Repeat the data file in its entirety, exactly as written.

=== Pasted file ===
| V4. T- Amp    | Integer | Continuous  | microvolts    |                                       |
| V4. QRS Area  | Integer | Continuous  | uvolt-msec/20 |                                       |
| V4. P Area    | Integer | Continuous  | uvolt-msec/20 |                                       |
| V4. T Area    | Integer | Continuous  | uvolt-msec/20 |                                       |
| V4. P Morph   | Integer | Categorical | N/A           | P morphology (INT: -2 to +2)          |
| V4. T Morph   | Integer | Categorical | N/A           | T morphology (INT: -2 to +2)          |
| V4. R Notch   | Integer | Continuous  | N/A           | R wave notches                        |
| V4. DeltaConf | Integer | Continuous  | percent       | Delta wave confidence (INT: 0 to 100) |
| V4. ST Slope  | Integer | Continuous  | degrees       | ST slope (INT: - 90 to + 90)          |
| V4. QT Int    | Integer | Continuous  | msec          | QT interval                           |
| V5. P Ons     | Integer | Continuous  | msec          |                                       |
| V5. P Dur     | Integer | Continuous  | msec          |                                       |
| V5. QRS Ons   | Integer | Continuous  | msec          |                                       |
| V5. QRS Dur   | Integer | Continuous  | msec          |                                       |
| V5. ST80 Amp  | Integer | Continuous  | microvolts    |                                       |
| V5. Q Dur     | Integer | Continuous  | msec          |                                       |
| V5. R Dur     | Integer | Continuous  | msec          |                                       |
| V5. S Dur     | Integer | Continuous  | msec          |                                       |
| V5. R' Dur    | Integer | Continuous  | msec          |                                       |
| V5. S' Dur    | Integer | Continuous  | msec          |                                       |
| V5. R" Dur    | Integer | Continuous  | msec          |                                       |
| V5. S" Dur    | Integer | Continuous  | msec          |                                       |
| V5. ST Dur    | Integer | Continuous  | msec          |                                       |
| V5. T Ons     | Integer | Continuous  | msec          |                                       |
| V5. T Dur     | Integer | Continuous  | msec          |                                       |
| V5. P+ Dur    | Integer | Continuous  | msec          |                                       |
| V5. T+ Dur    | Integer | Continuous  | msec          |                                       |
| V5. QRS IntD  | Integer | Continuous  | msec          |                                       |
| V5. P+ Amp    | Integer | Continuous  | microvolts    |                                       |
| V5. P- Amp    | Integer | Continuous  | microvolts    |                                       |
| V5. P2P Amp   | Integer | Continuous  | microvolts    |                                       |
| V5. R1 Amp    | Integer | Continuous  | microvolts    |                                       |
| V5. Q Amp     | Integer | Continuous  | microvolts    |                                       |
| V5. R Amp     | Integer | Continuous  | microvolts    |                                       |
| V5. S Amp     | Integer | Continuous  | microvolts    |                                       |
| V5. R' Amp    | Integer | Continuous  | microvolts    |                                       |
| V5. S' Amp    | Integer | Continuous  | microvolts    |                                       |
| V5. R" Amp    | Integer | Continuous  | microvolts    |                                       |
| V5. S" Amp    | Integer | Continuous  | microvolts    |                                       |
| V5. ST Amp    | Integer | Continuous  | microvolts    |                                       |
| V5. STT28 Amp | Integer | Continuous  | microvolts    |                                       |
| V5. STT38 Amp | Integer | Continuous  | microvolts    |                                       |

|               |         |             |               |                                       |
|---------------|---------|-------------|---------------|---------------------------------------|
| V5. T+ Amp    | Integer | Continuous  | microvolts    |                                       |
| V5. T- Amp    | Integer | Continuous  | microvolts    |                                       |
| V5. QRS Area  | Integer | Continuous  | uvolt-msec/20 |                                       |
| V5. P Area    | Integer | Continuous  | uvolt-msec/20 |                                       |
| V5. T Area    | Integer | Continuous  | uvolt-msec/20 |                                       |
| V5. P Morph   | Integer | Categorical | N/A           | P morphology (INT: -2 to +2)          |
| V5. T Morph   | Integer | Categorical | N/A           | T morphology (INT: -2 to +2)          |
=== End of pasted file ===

| V4. T- Amp    | Integer | Continuous  | microvolts    |                                       |
| V4. QRS Area  | Integer | Continuous  | uvolt-msec/20 |                                       |
| V4. P Area    | Integer | Continuous  | uvolt-msec/20 |                                       |
| V4. T Area    | Integer | Continuous  | uvolt-msec/20 |                                       |
| V4. P Morph   | Integer | Categorical | N/A           | P morphology (INT: -2 to +2)          |
| V4. T Morph   | Integer | Categorical | N/A           | T morphology (INT: -2 to +2)          |
| V4. R Notch   | Integer | Continuous  | N/A           | R wave notches                        |
| V4. DeltaConf | Integer | Continuous  | percent       | Delta wave confidence (INT: 0 to 100) |
| V4. ST Slope  | Integer | Continuous  | degrees       | ST slope (INT: - 90 to + 90)          |
| V4. QT Int    | Integer | Continuous  | msec          | QT interval                           |
| V5. P Ons     | Integer | Continuous  | msec          |                                       |
| V5. P Dur     | Integer | Continuous  | msec          |                                       |
| V5. QRS Ons   | Integer | Continuous  | msec          |                                       |
| V5. QRS Dur   | Integer | Continuous  | msec          |                                       |
| V5. ST80 Amp  | Integer | Continuous  | microvolts    |                                       |
| V5. Q Dur     | Integer | Continuous  | msec          |                                       |
| V5. R Dur     | Integer | Continuous  | msec          |                                       |
| V5. S Dur     | Integer | Continuous  | msec          |                                       |
| V5. R' Dur    | Integer | Continuous  | msec          |                                       |
| V5. S' Dur    | Integer | Continuous  | msec          |                                       |
| V5. R" Dur    | Integer | Continuous  | msec          |                                       |
| V5. S" Dur    | Integer | Continuous  | msec          |                                       |
| V5. ST Dur    | Integer | Continuous  | msec          |                                       |
| V5. T Ons     | Integer | Continuous  | msec          |                                       |
| V5. T Dur     | Integer | Continuous  | msec          |                                       |
| V5. P+ Dur    | Integer | Continuous  | msec          |                                       |
| V5. T+ Dur    | Integer | Continuous  | msec          |                                       |
| V5. QRS IntD  | Integer | Continuous  | msec          |                                       |
| V5. P+ Amp    | Integer | Continuous  | microvolts    |                                       |
| V5. P- Amp    | Integer | Continuous  | microvolts    |                                       |
| V5. P2P Amp   | Integer | Continuous  | microvolts    |                                       |
| V5. R1 Amp    | Integer | Continuous  | microvolts    |                                       |
| V5. Q Amp     | Integer | Continuous  | microvolts    |                                       |
| V5. R Amp     | Integer | Continuous  | microvolts    |                                       |
| V5. S Amp     | Integer | Continuous  | microvolts    |                                       |
| V5. R' Amp    | Integer | Continuous  | microvolts    |                                       |
| V5. S' Amp    | Integer | Continuous  | microvolts    |                                       |
| V5. R" Amp    | Integer | Continuous  | microvolts    |                                       |
| V5. S" Amp    | Integer | Continuous  | microvolts    |                                       |
| V5. ST Amp    | Integer | Continuous  | microvolts    |                                       |
| V5. STT28 Amp | Integer | Continuous  | microvolts    |                                       |
| V5. STT38 Amp | Integer | Continuous  | microvolts    |                                       |

|               |         |             |               |                                       |
|---------------|---------|-------------|---------------|---------------------------------------|
| V5. T+ Amp    | Integer | Continuous  | microvolts    |                                       |
| V5. T- Amp    | Integer | Continuous  | microvolts    |                                       |
| V5. QRS Area  | Integer | Continuous  | uvolt-msec/20 |                                       |
| V5. P Area    | Integer | Continuous  | uvolt-msec/20 |                                       |
| V5. T Area    | Integer | Continuous  | uvolt-msec/20 |                                       |
| V5. P Morph   | Integer | Categorical | N/A           | P morphology (INT: -2 to +2)          |
| V5. T Morph   | Integer | Categorical | N/A           | T morphology (INT: -2 to +2)          |